Medical questions & health advice by board certified doctors

"What is synesthesia and how do you get it?"

ZocdocAnswersWhat is synesthesia and how do you get it?


I read about synesthesia in a book, but I don't really understand what it is. I know it has to do with your senses being mixed up. How do you get it? I know that sometimes I see things for a second that aren't really there. Is that what this is?


Synesthesia is a condition in which experiencing something in one sense modality automatically triggers another sense modality. So, for example, for some people hearing certain sounds or music might trigger an experience of seeing colors as well. Synesthesia is relatively rare, and it is not a medical disease, rather it is a variation on the normal range of human sense experience. In people with synethesia, it is likely that what triggers the phenomenon is neural pathways that allow cross talking between two different sense centers in the brain. Many famous writers, artists, and composers have had synesthesia to one degree or another. Because synesthesia is genetically based and ground in the anatomy of circuitry in the brain, you cannot "get" it if you do not have it. Seeing things for a few seconds that are not really there is probably not synethesia, unless what you are seeing is something like what I describe - for example, colors in reaction to hearing a sound. Visual hallucinations would be the technical description for seeing something that is not there. Occasional visual hallucinations happen to many people, however if they are occurring frequently you should get in to see your doctor to make sure this is not part of a larger problem.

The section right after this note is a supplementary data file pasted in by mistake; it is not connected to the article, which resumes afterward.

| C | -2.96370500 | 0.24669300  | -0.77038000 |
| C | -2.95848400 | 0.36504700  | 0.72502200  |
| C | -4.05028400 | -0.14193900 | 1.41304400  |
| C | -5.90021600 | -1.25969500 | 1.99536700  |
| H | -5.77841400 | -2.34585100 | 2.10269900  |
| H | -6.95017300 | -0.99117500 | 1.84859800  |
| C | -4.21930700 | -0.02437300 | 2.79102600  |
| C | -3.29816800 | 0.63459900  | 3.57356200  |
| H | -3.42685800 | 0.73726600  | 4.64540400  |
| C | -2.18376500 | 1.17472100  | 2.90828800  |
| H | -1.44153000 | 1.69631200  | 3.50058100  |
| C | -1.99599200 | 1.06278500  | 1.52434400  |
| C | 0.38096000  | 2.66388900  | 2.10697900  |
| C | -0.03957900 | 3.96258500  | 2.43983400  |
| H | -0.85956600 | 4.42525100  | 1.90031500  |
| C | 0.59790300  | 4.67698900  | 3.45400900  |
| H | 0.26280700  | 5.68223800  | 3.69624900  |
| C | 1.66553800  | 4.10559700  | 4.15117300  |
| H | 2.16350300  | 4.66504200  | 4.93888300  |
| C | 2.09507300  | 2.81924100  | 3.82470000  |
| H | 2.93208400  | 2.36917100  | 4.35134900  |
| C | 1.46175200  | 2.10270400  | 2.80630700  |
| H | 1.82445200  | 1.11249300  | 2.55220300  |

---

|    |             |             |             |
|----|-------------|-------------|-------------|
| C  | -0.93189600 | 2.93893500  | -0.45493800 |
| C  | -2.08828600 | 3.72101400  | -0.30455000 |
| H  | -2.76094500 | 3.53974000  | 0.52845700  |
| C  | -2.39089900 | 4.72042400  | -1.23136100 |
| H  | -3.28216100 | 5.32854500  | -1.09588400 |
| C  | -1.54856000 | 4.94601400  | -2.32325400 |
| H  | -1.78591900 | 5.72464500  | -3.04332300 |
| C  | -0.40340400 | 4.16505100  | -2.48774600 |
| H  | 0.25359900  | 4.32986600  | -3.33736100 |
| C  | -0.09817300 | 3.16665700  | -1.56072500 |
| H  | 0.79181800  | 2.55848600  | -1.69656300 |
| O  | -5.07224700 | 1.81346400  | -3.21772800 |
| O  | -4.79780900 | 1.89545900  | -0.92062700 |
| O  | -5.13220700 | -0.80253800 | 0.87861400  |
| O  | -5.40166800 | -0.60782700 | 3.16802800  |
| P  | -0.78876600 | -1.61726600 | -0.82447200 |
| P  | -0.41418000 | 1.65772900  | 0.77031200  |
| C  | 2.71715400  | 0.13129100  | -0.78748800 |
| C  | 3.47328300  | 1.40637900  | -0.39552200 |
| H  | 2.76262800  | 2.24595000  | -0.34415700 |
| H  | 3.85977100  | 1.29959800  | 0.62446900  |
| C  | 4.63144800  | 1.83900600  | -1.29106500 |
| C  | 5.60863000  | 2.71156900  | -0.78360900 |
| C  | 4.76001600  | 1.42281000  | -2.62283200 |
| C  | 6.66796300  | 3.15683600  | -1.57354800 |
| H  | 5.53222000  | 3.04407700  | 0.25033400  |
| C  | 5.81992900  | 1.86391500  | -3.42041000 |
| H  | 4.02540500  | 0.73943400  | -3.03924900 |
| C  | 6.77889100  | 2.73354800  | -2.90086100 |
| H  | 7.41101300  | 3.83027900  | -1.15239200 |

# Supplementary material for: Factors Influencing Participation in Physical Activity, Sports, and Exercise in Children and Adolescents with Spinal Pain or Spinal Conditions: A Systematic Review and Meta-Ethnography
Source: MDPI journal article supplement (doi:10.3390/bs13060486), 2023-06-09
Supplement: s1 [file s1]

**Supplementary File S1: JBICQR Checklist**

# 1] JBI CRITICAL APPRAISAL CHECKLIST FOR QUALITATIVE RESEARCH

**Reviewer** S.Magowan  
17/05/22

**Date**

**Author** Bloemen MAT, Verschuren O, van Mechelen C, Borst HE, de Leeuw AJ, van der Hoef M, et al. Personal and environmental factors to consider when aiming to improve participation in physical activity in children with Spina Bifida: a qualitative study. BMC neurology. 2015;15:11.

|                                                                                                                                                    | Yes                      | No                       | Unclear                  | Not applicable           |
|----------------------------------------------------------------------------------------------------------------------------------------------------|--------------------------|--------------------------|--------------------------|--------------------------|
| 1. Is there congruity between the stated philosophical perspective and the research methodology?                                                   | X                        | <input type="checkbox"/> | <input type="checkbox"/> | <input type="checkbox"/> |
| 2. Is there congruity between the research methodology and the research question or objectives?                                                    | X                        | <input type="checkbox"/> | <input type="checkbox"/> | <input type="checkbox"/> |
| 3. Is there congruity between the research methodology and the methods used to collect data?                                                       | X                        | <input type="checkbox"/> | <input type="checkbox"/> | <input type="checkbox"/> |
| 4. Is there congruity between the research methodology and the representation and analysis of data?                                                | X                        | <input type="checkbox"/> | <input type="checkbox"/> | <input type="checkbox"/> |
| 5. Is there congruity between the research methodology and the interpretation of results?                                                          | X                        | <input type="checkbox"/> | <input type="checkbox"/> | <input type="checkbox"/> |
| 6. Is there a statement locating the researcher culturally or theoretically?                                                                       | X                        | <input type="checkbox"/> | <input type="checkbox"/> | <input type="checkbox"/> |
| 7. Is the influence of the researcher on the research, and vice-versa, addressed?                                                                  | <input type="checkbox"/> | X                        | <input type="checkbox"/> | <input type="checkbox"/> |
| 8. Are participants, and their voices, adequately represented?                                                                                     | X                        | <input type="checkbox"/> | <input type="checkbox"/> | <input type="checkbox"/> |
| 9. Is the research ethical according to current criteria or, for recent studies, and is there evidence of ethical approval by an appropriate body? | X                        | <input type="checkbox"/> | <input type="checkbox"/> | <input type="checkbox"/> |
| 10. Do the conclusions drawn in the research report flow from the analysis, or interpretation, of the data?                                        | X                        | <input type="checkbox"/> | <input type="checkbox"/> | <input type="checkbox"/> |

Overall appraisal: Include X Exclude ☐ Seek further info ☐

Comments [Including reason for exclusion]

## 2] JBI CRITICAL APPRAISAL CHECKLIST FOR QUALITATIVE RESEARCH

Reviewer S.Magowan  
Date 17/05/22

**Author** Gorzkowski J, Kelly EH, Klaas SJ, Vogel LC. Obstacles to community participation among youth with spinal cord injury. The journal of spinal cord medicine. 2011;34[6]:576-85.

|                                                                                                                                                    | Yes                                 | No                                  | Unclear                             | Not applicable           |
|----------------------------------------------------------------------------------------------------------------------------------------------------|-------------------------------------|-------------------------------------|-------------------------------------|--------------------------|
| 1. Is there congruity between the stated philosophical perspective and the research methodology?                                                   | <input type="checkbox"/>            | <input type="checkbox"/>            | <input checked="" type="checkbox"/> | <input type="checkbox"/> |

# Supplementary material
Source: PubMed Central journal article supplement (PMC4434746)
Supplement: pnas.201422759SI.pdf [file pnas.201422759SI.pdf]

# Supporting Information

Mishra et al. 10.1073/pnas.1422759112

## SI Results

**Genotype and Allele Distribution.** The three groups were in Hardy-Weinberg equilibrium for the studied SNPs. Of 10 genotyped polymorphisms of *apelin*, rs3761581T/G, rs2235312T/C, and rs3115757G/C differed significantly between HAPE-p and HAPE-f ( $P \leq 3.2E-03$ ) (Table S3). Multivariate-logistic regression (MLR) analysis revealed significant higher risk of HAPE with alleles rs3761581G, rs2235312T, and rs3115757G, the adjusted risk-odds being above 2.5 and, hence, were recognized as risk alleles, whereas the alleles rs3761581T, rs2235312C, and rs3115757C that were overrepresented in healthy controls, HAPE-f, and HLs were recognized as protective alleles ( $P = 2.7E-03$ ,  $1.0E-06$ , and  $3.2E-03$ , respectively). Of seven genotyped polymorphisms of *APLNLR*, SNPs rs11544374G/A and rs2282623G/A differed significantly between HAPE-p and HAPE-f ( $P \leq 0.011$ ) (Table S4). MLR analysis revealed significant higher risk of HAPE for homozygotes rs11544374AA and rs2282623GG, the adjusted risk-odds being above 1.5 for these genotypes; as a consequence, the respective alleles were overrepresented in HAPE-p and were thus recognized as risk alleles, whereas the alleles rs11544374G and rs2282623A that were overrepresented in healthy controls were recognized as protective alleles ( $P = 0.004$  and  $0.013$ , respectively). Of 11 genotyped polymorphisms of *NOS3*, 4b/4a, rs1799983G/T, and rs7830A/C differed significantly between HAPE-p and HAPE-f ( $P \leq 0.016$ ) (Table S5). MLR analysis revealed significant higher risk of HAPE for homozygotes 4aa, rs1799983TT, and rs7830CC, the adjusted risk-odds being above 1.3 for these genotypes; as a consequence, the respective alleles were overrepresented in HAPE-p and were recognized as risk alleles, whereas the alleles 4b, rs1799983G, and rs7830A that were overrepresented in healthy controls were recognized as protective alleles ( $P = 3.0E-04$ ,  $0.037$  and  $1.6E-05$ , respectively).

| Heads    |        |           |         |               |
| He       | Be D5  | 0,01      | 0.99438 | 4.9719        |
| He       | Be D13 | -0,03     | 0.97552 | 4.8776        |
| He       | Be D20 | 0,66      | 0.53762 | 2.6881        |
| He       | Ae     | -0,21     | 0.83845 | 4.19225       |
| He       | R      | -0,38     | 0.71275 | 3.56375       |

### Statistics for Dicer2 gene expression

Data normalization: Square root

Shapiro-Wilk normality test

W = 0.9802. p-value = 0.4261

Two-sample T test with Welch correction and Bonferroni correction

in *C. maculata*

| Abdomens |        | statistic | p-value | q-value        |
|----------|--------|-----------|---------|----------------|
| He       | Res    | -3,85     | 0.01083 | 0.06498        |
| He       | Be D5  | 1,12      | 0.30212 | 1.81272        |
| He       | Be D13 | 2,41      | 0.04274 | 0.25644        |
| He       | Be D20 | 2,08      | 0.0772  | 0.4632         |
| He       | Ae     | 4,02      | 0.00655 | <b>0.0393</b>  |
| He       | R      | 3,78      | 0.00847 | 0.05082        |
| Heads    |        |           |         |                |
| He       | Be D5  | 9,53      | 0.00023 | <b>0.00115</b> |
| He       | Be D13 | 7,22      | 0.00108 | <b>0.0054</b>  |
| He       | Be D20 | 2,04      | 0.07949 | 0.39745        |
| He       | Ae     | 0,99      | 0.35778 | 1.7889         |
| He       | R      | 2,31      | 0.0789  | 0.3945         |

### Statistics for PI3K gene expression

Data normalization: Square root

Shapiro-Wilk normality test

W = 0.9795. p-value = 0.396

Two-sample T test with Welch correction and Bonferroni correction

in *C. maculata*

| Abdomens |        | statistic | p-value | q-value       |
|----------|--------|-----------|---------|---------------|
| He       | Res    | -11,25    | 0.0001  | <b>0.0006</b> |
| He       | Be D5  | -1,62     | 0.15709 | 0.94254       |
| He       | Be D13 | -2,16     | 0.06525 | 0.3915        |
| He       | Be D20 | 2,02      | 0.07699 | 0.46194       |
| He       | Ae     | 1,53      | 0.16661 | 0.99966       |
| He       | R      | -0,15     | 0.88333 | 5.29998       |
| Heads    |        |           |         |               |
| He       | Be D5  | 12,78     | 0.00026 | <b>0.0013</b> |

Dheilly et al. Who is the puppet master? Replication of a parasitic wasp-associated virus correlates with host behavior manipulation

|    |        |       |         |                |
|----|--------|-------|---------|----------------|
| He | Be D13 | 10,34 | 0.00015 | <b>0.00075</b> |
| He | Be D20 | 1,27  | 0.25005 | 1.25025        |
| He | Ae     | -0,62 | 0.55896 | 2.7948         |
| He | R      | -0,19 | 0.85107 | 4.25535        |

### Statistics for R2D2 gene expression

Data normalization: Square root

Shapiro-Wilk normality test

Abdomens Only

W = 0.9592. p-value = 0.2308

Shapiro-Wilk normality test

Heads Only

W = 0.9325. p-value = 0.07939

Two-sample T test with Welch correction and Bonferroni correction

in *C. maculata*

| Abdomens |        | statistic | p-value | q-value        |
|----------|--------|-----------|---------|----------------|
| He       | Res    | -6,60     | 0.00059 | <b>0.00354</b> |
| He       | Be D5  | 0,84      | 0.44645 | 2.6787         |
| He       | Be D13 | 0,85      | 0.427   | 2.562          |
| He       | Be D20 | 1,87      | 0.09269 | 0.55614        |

Zocdoc Answers is for general informational purposes only and is not a substitute for professional medical advice. If you think you may have a medical emergency, call your doctor (in the United States) 911 immediately. Always seek the advice of your doctor before starting or changing treatment. Medical professionals who provide responses to health-related questions are intended third party beneficiaries with certain rights under Zocdoc’s Terms of Service.